Inside of the span of 24 hours, we weathered a windstorm that pushed over giant trees, rain that fed the canal waters to the point where we mused about what would happen if the water spilled its banks, and then snowfall.
We almost felt as though we were back on the Canadian prairies.
All this lousy weather meant that we were honour-bound to head outside (really, we were – click here to see why). We hit the Jura Mountains for a hike, powered by the greatest food combination known to the modern Euro-world: Knoblauchbrot. It is a half-loaf of French bread (or, should we say Swiss bread?) saturated with butter, garlic and herbs. We’re not sure of the recipe, but my guess is a half-pound of butter goes into every serving.
Then we took a funicular ride up the mountains north of our town. Yes, I said we were going hiking, but it’s steep up them thar hills, so we ride up and hike down. It was at the steeply pitched village of Evilard where we discovered a chocolate maker who just may have bumped Germany off its pedestal as best-chocolatier.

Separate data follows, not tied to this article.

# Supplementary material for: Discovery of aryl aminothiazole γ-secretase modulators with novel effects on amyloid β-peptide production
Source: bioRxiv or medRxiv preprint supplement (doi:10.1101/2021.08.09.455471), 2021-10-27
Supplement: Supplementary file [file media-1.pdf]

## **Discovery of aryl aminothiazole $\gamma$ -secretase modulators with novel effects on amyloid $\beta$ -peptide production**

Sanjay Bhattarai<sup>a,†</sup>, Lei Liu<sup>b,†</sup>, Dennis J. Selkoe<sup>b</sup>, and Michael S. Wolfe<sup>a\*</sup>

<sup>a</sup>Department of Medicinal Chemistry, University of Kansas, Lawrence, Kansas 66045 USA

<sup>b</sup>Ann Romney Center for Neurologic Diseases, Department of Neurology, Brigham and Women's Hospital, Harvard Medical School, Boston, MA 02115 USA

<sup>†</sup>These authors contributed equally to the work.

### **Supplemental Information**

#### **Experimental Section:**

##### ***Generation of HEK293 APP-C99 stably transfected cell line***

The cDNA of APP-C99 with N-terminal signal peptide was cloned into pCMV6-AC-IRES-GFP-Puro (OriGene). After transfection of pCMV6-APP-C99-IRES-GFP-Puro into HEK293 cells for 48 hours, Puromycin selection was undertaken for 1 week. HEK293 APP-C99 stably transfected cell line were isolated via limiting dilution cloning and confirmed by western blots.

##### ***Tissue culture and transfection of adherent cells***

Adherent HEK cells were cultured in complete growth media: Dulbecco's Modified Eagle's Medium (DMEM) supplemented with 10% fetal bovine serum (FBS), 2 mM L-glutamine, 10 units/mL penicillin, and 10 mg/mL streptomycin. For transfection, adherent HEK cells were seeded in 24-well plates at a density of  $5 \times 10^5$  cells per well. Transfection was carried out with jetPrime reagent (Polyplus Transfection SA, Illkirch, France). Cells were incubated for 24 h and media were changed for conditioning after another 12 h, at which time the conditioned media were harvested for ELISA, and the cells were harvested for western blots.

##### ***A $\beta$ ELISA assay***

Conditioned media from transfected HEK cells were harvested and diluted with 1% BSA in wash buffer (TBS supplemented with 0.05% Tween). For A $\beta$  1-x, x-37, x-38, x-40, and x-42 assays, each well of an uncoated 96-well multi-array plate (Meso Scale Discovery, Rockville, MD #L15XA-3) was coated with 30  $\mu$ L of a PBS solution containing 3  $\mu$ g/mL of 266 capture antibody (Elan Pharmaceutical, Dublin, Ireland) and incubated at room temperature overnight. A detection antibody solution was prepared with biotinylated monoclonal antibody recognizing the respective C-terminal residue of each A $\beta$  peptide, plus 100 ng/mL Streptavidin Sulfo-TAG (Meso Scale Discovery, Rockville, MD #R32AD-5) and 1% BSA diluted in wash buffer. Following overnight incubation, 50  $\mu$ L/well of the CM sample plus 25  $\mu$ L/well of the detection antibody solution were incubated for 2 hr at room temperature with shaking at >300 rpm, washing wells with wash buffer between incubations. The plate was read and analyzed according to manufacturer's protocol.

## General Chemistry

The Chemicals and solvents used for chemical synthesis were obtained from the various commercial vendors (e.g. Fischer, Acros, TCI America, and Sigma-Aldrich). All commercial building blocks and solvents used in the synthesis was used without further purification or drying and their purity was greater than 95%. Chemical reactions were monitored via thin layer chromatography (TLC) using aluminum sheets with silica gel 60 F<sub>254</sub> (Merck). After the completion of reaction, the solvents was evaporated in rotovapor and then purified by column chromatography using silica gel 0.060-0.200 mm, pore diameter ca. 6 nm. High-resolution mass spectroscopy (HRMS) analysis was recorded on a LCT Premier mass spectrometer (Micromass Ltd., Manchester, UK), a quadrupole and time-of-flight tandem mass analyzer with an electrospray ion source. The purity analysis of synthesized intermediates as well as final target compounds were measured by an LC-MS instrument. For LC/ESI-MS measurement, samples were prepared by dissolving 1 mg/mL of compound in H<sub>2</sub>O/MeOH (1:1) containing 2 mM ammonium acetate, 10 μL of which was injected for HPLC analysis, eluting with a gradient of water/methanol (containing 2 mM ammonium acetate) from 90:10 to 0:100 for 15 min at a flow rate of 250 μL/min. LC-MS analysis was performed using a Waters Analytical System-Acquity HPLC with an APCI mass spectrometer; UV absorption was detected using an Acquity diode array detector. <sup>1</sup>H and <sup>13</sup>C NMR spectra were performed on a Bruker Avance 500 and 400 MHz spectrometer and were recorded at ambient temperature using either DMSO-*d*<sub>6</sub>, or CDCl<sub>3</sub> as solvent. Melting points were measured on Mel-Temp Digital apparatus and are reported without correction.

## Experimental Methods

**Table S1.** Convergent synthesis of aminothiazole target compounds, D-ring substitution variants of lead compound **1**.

We found the chocolates at Lanz Baclerei Konditorei (a pastry and bakery establishment) in an unassuming corner of what appeared to be a white plaster apartment building, its chief decorative element being a rolled-up orange and brown awning. The shop gal assured us the chocolates in their display case were all made in the shop. Having discovered a true family/boutique chocolaterie, I was not about to miss out on an impromptu taste-test.
Note to the wise: When the Swiss label their liquor chocolates, they mean it. It’s not just liquor-flavoured, it’s a quarter-shot of booze in every bite. Adjust consumption levels accordingly.
We bypassed the serious liquor chocolates and had truffles instead. Their ranking: Fabulous. Maybe even better than the German chocolates but in the interest of judicial impartiality and rigour, I would have to go back to Germany for further testing. It would only be right.